Discount retailers have opened stores at a faster rate than supermarkets and convenience stores over the past five years.
The five-year compound annual growth rate (CAGR) of discounters Aldi, Lidl, Iceland, Poundland, 99p Stores, Poundstretcher, Poundworld, Home Bargains, B&M Bargains and Farmfoods was 8.2% in the period from 2011 to 2015, according to Local Data Company (LDC) research.
In the recent years the big grocers have had to adapt to changes in consumer behaviour and have moved away from acquiring larger sheds. They have been hit by many consumers ditching larger shops in favour of the convenience of top-up shops throughout the week.
The total number of convenience stores recorded CAGR of 7.6% during the five-year period.
“The numbers are significant and reminiscent of a car crash in slow motion.”
Matthew Hopkinson, Local Data Company
The number of supermarkets has increased just 2.2% so far in 2015, while the number of convenience stores has risen by 4%. Discount store openings have jumped 5.6% since the start of the year.
At the peak of their growth in 2012, supermarkets expanded at a rate of 15.3%.
Over the five-year period, Tesco recorded the greatest increase in the number of stores, opening 1,104 new supermarkets and convenience shops since 2011.
Asda had the biggest percentage increase – its store numbers rocketed 77.3% from 282 to 500.
Supermarkets’ convenience stores grew at a rate of 6.7%, compared with the 2.5% of other convenience stores.
LDC director Matthew Hopkinson said: “This research clearly shows why the supermarket operators are struggling. This comes not only as a result of deflation and subdued consumer spend, but also a massive increase in competition both from outside but also within.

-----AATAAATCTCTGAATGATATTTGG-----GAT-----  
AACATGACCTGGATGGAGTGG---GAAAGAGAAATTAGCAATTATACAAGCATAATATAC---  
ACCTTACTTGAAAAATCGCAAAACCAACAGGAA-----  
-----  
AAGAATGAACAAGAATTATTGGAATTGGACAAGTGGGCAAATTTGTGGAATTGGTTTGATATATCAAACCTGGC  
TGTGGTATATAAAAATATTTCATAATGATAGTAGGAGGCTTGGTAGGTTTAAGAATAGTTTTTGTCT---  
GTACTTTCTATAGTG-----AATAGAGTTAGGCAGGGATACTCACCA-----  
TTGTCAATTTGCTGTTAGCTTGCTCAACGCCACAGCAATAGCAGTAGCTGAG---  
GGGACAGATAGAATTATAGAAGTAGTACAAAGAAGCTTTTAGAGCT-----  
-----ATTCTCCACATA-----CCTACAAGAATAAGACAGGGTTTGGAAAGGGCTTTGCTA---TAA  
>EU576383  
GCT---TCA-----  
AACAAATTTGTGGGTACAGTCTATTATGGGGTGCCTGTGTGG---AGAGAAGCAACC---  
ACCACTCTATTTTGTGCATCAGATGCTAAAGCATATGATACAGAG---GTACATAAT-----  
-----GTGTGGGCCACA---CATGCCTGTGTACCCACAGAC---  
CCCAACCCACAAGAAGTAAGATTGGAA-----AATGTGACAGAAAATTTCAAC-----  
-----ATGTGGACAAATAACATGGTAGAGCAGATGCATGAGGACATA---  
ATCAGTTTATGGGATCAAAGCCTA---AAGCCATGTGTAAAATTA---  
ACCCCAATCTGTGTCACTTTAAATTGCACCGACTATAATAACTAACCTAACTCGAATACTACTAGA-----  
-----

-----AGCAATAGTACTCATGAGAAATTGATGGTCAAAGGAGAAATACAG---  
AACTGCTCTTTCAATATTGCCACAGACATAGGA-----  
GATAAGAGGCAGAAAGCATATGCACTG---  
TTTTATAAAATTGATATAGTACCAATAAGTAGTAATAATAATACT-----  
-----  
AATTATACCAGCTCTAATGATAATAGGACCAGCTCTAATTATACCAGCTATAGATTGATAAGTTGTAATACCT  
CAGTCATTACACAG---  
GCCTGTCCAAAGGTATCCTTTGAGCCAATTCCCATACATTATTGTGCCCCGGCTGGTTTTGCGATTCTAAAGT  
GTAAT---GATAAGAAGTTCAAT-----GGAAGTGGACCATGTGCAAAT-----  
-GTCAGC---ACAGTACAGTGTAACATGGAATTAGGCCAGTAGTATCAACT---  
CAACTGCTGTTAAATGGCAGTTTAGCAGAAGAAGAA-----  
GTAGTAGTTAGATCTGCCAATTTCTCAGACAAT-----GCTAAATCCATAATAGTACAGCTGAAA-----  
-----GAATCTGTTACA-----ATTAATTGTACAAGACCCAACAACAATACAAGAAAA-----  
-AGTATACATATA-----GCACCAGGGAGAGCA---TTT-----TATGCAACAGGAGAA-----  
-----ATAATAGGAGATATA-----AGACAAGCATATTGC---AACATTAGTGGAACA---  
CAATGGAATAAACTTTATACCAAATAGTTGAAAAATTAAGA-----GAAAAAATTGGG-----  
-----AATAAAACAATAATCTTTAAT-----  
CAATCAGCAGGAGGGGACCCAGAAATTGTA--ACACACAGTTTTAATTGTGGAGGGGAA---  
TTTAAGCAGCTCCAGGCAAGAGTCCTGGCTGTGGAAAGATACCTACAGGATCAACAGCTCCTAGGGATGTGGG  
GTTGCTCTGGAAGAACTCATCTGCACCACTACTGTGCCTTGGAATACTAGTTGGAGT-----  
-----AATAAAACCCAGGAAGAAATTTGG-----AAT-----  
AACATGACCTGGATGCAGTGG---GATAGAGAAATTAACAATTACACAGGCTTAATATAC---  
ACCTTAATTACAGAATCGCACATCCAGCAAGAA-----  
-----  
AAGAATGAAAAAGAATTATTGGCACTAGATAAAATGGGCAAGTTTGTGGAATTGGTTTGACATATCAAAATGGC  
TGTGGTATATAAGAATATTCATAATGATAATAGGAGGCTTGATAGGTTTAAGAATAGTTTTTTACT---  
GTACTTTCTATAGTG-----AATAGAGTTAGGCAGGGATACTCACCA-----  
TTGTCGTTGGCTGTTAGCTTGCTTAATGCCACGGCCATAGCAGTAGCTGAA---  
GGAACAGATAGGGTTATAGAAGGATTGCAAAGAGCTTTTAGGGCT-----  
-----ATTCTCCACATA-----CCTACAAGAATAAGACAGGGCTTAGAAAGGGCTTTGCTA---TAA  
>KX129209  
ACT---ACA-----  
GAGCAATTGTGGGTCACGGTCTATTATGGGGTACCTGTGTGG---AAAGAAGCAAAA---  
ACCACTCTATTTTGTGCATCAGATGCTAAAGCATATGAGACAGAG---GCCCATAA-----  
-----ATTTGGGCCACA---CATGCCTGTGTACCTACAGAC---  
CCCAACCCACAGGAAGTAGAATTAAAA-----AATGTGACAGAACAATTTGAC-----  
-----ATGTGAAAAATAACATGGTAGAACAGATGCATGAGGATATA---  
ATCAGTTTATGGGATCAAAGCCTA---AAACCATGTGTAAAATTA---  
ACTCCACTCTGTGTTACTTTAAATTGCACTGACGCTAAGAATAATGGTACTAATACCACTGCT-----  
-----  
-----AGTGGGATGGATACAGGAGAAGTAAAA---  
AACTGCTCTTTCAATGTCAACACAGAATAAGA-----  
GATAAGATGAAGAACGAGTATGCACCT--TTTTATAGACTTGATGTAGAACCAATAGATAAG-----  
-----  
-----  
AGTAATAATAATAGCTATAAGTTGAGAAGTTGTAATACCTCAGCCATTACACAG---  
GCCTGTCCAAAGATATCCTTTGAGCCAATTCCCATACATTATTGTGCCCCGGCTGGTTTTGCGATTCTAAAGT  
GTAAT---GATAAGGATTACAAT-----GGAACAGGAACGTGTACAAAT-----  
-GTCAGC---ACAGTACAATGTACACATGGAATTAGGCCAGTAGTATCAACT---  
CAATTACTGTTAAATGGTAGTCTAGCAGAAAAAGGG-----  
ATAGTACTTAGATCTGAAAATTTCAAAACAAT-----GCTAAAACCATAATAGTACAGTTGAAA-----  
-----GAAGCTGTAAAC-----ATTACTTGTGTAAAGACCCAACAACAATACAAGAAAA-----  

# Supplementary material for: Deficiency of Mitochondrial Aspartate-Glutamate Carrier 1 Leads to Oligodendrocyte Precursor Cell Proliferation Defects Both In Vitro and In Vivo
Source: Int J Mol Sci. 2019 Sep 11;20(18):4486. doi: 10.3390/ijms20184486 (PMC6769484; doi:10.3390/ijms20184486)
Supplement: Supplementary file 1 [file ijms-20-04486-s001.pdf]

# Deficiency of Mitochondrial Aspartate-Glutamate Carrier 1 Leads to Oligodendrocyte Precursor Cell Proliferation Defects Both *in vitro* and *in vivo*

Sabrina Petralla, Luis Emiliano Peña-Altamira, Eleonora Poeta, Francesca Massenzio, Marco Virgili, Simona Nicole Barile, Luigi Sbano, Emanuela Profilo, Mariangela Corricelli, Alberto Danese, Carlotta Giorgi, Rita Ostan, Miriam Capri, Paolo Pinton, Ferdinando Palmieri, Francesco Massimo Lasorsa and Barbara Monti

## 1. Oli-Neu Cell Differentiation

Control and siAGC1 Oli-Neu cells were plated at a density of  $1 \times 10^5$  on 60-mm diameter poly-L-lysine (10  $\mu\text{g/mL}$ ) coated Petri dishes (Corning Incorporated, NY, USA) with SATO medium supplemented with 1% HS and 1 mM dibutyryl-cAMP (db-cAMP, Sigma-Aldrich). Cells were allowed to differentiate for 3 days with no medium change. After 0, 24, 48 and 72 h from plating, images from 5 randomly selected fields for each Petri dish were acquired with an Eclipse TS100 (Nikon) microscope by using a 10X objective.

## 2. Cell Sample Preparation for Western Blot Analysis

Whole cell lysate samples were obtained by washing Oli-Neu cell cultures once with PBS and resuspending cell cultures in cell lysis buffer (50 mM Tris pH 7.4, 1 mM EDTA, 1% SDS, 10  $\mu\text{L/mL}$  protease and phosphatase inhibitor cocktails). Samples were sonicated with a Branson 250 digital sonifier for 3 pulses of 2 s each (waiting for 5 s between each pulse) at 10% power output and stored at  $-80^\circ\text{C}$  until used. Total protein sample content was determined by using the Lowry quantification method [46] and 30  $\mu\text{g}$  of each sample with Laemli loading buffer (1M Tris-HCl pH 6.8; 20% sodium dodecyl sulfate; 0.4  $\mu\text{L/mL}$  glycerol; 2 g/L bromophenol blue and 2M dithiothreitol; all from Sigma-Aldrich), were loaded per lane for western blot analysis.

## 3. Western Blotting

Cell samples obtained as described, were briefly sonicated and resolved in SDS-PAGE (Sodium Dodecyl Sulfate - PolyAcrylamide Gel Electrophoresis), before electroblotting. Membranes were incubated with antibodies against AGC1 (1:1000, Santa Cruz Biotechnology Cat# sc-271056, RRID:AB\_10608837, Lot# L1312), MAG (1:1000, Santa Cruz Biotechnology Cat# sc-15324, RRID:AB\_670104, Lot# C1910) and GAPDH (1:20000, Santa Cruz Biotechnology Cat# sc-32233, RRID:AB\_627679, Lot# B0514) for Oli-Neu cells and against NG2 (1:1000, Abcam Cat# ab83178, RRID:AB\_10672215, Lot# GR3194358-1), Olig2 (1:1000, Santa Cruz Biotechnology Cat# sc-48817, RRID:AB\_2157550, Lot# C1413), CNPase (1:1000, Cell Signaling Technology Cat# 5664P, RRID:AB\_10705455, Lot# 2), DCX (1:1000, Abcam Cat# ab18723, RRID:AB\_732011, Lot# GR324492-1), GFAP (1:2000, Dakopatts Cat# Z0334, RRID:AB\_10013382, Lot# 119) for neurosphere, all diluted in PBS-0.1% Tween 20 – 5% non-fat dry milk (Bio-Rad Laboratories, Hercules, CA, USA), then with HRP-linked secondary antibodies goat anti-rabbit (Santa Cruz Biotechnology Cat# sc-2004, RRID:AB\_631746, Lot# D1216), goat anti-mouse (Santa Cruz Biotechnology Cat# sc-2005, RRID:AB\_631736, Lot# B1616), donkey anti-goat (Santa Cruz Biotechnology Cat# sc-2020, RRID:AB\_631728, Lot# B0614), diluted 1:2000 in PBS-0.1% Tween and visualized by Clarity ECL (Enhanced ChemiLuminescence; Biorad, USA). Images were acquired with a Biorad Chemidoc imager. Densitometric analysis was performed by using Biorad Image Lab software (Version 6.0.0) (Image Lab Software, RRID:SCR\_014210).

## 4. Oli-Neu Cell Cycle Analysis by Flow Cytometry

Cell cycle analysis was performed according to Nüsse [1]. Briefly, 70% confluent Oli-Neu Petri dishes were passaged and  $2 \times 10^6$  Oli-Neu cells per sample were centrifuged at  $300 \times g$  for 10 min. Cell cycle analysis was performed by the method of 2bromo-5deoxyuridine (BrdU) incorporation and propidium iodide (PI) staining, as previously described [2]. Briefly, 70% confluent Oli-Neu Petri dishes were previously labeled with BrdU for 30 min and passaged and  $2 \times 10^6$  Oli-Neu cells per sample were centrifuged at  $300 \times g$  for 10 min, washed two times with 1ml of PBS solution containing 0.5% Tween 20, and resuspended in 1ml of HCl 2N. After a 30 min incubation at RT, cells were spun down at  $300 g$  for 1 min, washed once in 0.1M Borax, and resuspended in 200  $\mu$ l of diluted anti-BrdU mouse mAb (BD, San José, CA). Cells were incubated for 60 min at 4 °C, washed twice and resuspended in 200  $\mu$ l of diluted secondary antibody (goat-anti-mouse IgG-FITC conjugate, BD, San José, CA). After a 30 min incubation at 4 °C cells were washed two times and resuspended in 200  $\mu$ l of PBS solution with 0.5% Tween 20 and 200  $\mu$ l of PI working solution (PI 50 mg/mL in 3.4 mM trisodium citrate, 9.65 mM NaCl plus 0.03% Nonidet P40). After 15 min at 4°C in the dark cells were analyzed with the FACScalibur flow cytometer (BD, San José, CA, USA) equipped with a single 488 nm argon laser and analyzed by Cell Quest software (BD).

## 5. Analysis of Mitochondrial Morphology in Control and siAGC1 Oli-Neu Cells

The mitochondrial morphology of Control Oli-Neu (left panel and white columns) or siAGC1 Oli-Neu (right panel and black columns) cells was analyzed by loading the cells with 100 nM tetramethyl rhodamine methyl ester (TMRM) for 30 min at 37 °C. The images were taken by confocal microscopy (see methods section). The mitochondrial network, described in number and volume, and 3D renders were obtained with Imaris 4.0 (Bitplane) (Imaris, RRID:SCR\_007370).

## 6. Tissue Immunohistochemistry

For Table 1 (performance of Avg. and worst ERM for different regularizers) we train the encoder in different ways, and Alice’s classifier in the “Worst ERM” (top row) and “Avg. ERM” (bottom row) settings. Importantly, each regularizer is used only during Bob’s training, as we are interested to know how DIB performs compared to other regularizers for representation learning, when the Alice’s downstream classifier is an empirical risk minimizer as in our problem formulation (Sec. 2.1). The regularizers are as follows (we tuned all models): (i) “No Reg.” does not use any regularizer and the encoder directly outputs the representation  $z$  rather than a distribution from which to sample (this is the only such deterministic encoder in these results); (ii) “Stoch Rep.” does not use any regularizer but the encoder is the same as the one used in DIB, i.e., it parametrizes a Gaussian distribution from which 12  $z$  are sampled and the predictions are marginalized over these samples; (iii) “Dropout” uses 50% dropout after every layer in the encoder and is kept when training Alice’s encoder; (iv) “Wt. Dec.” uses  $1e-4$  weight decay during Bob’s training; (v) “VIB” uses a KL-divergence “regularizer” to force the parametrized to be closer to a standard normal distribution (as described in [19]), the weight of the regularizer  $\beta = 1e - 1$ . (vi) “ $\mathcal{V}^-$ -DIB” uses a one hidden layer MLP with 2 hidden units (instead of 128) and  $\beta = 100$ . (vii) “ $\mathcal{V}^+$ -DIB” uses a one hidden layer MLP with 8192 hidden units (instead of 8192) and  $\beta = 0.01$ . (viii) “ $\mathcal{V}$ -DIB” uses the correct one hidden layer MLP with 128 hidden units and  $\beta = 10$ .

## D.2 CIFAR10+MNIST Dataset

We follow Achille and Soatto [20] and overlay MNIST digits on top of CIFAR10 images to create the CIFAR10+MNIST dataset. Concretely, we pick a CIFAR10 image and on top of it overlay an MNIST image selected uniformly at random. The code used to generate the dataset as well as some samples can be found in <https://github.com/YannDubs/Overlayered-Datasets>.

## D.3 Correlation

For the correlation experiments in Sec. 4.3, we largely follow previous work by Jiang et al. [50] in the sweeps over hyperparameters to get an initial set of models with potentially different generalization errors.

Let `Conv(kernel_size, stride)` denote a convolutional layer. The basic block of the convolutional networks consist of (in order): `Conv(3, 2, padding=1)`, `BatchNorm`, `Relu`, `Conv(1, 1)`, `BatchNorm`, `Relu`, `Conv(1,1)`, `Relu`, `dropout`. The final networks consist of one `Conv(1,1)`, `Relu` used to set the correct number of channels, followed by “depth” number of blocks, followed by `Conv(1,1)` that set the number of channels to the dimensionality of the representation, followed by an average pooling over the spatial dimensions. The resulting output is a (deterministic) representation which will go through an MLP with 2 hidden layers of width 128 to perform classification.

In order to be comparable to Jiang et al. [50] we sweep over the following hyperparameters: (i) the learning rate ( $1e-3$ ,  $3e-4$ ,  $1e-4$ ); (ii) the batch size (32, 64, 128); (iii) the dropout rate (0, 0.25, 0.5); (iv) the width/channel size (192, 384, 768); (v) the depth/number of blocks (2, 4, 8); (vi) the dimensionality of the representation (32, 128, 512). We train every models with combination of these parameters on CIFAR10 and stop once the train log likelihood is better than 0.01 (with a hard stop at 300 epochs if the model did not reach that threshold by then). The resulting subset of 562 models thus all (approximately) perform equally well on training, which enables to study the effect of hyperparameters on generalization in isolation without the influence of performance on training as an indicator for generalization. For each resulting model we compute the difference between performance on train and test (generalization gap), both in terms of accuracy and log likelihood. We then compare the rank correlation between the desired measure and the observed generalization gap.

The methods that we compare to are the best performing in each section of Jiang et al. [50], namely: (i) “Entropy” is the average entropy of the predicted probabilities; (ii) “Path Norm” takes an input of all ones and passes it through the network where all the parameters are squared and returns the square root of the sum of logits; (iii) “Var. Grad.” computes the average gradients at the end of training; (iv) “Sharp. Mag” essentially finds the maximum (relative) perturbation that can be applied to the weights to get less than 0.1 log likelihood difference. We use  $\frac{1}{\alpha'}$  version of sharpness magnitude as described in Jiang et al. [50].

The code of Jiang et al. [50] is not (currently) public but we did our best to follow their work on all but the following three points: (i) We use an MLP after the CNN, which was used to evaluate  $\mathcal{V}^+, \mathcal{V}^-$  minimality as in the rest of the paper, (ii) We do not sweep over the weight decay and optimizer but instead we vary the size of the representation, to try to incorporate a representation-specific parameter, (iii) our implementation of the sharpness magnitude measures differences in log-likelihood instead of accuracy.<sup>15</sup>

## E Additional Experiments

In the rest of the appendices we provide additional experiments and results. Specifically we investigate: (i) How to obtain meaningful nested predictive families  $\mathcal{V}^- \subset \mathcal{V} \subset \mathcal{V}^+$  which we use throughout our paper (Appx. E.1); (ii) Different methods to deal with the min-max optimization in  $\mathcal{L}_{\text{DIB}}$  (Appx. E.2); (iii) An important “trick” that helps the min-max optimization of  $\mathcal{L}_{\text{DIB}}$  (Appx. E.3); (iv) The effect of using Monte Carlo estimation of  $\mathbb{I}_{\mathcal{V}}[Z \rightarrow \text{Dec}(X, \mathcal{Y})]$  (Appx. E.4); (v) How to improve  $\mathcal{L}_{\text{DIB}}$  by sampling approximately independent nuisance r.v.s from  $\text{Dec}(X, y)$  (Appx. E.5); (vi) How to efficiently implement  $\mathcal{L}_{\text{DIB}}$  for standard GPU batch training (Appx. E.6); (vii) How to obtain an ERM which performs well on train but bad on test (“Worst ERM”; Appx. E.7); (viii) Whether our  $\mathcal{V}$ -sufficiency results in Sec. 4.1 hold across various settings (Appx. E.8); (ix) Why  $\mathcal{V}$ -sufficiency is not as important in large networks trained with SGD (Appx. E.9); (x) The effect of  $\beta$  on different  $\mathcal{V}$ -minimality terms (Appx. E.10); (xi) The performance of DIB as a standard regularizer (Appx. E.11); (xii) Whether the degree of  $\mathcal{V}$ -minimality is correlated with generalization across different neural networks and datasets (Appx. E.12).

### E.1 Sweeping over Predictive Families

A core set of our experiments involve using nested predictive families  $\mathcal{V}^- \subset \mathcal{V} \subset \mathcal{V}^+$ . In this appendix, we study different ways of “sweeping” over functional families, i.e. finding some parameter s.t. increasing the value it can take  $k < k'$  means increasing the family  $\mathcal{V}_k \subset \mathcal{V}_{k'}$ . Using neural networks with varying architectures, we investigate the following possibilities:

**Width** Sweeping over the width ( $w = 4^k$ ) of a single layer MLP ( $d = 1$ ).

“This is illustrated by the fact that the big four supermarkets opened more than 500 new stores since 2011 and while doing this also opened nearly 2,000 convenience stores.
“At the same time as this the discounters have increased their store numbers by nearly 1,400 and have a serious alternative to the big four supermarkets both on price and offer.
“So the numbers are significant and reminiscent of a car crash in slow motion – and that’s before one includes the symbol groups and the rise of the M&S Simply Food and Waitrose/Little Waitrose, which this research has not included.”
Shore Capital analyst Clive Black said: “What is clear is that there is a very high price being paid for investors in the superstore groups from not recognising and responding to the evolving industry.
“Matthew Hopkinson writes of a car crash for superstore operators. We’d call it a high impact motorway smash when measured in terms of earnings, with the superstore vehicles now in the garage, assessments undertaken and repair under way.
“The superstore reset has just started but represents a more stable future for the format”
Clive Black, Shore Capital
“That repair requires a major conservation of capital, so the virtual abandonment of superstore openings, a store-by-store reassessment of space utilisation and, perhaps most important of all, the fundamental reappraisal of the offer, focusing particularly on narrowing the discounter price differential and starting to try and sell from a position of greater price confidence the virtues of the superstore and hypermarket.”
Black added: “Shore Capital believes that the superstore reset has just started but represents a more stable future for the format. Additionally, partial normalisation in shopping behaviour may lead to a slowdown in the rate of momentum that convenience and discount has enjoyed.
“Whatever the outcome, the superstores’ battle for survival will be good for shoppers.”